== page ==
‘Toxic lockdown’ led to deaths of eight babies in England after 64 infants were deliberately harmed from April to October – a 22% rise on last year
- Ofsted chief inspector Amanda Spielman is concerned about a 22% rise in reports of babies that have died or been seriously harmed since April
- She says ‘Covid pressure cooker’ had caused increased tension in families
- Watchdog fears other babies are ‘at risk from abuse or neglect’ during pandemic
- She will speak at National Children and Adults Services Conference on Friday
The ‘toxic mix’ of pressures during the lockdown has contributed to the death of eight babies from abuse or neglect, figures from Ofstead show.
A further 64 infants were also deliberately harmed from April to October – a 22% rise on last year, according to the watchdog.
Amanda Spielman, Ofsted chief inspector, fears more vulnerable babies are at risk from abuse or neglect during the Covid-19 pandemic as the ‘Covid pressure cooker’ is causing increased tension in families.
Ms Spielman believes a ‘toxic mix’ of isolation, poverty and mental illness caused the March to October spike.
Councils have to report any serious incidents where a child dies or is harmed through abuse or neglect to the Child Safeguarding Practice Review Panel.
Watchdog Ofstead saw more than 300 serious incident notifications from April to October, and nearly two in five were about babies – over a fifth more than in the same period of last year
These notifications are then shared with Ofsted and the Government.
Between April and October this year, the watchdog saw more than 300 serious incident notifications and nearly two in five were about babies – which is over a fifth more than in the same period of last year.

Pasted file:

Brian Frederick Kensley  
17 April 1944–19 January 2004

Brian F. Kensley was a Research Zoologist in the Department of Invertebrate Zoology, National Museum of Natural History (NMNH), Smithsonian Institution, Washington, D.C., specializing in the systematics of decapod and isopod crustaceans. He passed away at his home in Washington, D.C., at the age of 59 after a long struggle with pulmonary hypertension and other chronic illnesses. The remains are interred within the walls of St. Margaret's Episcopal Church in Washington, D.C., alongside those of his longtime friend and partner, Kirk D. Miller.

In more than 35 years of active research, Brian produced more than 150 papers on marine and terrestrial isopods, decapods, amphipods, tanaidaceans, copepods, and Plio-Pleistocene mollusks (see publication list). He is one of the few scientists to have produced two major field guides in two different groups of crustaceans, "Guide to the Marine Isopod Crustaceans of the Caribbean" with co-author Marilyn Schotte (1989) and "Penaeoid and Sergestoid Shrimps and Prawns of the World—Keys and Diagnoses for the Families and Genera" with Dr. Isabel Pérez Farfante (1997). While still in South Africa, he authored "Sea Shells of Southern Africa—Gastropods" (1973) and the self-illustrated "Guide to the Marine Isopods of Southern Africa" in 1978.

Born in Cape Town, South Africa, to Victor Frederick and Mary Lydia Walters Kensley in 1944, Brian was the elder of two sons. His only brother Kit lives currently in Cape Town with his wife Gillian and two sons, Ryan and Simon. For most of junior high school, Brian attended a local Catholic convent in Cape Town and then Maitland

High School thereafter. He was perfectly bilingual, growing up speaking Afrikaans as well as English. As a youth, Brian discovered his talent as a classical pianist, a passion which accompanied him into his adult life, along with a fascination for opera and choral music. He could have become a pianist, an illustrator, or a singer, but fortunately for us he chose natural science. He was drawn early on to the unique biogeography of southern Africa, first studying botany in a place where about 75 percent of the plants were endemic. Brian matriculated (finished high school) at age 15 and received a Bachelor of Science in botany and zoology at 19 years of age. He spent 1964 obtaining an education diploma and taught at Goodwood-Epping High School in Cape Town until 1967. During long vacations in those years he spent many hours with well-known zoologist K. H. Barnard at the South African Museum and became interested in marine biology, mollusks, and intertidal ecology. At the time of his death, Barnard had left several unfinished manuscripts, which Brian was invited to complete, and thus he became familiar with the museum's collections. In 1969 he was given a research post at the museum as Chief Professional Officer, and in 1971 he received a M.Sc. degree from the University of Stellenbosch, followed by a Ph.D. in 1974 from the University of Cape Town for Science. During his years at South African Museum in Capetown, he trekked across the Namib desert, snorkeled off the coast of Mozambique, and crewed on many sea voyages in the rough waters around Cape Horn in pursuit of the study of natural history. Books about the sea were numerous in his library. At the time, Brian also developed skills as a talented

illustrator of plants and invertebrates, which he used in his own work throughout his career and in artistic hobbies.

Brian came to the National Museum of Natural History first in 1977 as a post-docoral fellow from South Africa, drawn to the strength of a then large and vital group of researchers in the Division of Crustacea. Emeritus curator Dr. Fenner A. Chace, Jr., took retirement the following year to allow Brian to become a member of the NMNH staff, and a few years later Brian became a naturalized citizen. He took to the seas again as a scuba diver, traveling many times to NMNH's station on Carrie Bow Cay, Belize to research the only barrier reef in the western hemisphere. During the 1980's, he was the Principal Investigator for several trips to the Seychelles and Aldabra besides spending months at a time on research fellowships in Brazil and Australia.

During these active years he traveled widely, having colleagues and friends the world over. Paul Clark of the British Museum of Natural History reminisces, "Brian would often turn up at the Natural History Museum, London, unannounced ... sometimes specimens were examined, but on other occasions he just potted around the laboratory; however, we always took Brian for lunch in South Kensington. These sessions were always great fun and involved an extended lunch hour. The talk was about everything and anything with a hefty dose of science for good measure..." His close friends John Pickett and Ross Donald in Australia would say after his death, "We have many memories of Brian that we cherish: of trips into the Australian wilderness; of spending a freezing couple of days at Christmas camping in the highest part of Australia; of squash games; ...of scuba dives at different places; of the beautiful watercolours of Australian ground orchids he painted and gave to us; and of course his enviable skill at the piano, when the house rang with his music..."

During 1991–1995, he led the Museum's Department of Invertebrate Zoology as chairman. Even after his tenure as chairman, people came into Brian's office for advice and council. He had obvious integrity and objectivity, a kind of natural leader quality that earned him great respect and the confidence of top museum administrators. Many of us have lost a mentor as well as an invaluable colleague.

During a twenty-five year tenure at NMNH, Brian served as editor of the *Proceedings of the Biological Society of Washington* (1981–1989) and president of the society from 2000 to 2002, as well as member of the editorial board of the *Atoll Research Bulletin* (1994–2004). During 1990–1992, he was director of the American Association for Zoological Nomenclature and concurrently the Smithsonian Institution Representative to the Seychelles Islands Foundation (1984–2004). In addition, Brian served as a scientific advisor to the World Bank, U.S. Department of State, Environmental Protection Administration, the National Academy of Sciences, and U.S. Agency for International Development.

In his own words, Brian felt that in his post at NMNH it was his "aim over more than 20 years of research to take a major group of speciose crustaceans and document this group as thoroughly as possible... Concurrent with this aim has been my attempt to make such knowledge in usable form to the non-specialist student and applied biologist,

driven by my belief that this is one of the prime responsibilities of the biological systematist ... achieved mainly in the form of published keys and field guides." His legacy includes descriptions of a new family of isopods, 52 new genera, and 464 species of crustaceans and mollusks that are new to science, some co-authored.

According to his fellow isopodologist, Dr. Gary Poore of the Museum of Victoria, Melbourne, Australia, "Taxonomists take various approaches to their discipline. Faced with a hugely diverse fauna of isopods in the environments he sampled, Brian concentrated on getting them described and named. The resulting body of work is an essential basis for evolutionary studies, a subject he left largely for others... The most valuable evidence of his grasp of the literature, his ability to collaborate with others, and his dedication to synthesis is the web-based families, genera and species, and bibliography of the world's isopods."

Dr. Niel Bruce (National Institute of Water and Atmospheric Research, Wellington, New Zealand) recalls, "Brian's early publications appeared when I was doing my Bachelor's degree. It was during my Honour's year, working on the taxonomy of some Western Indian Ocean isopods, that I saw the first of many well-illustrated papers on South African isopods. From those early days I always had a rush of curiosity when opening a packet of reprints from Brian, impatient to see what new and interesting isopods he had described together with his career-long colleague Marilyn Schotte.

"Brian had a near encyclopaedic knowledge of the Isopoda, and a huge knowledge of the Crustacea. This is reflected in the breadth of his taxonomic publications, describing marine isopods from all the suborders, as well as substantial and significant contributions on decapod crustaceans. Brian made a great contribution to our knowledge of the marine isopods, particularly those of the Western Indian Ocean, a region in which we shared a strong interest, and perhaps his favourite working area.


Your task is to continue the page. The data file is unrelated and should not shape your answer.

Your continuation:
Ms Spielman will voice concern about a rise in reports of babies that have died or been seriously harmed since April at the National Children and Adults Services Conference on Friday.
Addressing the ‘stark’ figures, Ms Spielman is set to say: ‘Tragically over half of these cases – that’s 64 children – suffered non-accidental injuries. And sadly, eight died as a result.
‘Of course, babies can’t tell an adult if there’s a problem. Often, abuse is only uncovered when there’s a critical injury, or it’s too late.
‘Another young life damaged, and in the worst cases, lost, before it’s really had chance to begin.
‘It doesn’t bear thinking about. But we must all be alive to this hidden danger.’
As Ofsted is seeing more notifications about harm to children under one each week, Ms Spielman will say in her speech that the lockdown has added to a ‘toxic mix’ of pressures.
Amanda Spielman, Ofsted chief inspector, fears more vulnerable babies are at risk from abuse or neglect during the Covid-19 pandemic as the ‘Covid pressure cooker’ is causing increased tension in families
As well as babies being intentionally harmed, Ofsted has seen a high number of unexpected infant deaths.
This includes preventable tragedies such as babies not being put down to sleep safely.
Ms Spielman will say: ‘Tighter restrictions have brought increased tensions for many, especially in the most troubled families.